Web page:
The Native Americans in the story believe the offenders should be punished. One, however, a spiritual and intellectual leader of the Native community, opposes killing in all forms and wishes for the reprieve of the convicts. At the end of the novel, he laments the many deaths that have come to pass: "The earth his hands held, the names his spirit honored: What else did man have?" (368).

West's Indiana writings abound with sharp, vivid accounts of the seasonal weathers. She gives clear pictures of the landscape in the times just before and after Indiana's statehood, and shows a keen sensitivity to the spiritual fulfillment offered by nature.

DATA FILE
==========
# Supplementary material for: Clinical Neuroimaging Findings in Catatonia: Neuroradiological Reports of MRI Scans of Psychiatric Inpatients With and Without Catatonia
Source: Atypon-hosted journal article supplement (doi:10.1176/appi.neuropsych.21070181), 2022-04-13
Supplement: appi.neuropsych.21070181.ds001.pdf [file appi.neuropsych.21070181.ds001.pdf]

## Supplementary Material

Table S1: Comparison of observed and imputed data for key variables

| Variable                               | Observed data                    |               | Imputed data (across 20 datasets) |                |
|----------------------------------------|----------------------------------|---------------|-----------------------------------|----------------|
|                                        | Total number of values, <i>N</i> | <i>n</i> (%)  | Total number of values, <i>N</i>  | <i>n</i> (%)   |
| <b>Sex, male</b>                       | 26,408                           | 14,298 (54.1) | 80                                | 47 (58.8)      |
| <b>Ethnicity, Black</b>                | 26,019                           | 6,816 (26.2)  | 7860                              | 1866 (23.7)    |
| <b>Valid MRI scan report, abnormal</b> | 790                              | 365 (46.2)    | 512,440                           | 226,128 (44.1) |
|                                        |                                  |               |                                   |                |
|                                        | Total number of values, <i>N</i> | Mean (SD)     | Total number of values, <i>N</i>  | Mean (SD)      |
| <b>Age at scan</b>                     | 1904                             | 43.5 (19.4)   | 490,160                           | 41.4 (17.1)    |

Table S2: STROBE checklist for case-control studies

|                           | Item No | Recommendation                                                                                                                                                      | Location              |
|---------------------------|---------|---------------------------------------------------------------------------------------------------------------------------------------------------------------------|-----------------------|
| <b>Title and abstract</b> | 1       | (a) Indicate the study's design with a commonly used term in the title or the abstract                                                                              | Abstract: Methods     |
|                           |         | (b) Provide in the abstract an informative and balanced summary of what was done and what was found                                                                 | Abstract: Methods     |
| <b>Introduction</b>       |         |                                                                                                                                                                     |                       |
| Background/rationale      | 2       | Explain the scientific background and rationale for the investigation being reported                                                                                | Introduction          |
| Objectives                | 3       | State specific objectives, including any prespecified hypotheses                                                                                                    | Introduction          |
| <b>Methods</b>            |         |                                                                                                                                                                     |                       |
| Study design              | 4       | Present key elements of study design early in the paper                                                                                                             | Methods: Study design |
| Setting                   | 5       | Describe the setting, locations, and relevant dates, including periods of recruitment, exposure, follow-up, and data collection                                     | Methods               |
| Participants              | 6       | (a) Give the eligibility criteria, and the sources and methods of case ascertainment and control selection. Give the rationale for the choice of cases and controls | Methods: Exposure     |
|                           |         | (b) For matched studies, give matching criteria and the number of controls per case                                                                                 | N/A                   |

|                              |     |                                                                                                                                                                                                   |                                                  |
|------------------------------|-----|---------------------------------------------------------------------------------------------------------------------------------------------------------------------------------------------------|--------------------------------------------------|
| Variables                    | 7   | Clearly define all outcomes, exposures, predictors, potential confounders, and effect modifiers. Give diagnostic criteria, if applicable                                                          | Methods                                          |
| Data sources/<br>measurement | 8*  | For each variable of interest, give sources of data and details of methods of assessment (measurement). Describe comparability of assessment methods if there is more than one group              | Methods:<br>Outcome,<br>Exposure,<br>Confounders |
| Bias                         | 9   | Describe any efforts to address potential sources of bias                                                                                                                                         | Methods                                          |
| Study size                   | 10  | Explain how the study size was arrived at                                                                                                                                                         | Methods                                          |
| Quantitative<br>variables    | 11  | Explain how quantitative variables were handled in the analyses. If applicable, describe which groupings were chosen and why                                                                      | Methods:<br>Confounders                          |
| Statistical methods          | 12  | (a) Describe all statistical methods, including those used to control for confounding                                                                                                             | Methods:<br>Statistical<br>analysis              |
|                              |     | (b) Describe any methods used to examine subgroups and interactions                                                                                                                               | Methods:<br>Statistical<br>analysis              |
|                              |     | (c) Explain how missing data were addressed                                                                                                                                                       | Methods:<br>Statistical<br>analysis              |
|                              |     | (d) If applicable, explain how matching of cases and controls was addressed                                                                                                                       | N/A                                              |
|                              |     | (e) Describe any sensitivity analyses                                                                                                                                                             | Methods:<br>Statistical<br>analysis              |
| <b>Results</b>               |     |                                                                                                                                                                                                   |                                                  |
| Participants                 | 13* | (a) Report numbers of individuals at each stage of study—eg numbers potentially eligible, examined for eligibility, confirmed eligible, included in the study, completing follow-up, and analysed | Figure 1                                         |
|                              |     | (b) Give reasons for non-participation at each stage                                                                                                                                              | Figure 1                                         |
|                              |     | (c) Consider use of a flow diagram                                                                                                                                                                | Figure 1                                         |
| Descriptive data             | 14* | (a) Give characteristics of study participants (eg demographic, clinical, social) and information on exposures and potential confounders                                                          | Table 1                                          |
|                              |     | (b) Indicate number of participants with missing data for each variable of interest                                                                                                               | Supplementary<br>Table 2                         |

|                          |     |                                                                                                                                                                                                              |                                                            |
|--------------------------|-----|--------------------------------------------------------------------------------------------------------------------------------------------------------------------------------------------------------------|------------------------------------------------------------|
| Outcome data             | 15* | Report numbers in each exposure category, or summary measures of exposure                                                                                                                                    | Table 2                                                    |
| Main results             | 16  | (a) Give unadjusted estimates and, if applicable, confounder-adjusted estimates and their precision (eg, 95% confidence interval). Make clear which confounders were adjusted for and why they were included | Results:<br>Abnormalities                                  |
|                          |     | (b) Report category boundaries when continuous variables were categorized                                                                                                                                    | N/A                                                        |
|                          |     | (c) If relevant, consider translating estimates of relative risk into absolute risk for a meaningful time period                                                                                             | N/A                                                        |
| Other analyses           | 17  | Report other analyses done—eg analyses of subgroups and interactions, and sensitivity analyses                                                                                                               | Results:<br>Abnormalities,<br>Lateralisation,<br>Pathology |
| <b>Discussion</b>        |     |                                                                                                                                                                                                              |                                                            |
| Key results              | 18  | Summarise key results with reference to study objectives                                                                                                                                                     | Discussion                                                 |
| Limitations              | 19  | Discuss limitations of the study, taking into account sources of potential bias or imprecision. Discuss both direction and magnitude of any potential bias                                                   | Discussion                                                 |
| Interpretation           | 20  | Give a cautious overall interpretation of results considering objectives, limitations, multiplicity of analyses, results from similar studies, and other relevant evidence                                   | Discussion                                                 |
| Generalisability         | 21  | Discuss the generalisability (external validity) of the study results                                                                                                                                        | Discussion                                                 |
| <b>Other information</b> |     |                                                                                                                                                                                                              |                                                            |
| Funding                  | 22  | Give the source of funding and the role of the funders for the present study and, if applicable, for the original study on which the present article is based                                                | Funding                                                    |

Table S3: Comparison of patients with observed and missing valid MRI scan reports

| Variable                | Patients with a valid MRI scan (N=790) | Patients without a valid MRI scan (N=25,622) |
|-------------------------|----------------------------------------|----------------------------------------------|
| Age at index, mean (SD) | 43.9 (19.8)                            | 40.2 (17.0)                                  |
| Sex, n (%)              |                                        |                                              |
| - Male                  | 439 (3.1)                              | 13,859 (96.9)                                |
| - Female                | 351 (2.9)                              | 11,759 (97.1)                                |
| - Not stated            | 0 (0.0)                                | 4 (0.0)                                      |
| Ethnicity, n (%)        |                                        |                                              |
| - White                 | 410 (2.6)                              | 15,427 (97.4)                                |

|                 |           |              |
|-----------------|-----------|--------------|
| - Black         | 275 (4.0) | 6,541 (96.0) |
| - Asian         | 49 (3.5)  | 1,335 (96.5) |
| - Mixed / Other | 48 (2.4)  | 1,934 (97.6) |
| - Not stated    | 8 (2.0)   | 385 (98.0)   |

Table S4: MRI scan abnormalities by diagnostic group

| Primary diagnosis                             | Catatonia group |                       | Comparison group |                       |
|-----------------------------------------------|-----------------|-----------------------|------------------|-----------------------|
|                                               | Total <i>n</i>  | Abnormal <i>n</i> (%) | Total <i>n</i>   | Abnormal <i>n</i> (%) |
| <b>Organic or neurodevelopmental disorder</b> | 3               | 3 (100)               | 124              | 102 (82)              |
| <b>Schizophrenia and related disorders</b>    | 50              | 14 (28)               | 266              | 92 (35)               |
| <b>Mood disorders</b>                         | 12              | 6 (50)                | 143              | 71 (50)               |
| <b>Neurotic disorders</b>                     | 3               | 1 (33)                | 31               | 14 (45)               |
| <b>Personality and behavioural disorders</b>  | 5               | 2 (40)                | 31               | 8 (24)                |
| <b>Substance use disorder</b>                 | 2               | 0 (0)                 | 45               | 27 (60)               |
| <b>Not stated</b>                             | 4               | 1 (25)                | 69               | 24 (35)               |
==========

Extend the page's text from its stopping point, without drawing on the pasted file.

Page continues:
Shivers, Alfred S. Jessamyn West, Revised Edition. New York: Twayne, 1992.

Vanausdall, Jeanette. Pride and Protest: The Novel in Indiana. Indianapolis: Indiana Historical Society, 1999.

"West, Jessamyn." Dictionary of Literary Biography: American Novelists Since World War II, Second Series. 1980.

West, Jessamyn. Except for Me and Thee. New York: Harcourt Brace and World, 1969.

---. The Friendly Persuasion. New York: Harcourt Brace and Company, 1940.

---. The Massacre at Fall Creek. New York: Harcourt Brace Jovanovich, 1975.

---. The Witch Diggers. New York: Harcourt Brace and Company, 1951.


"Jessamyn West." California Association of Teachers of English. 19 Oct. 2002. <http://www.cateweb.org/lit_map/westjess.html>

Biography of Jessamyn West.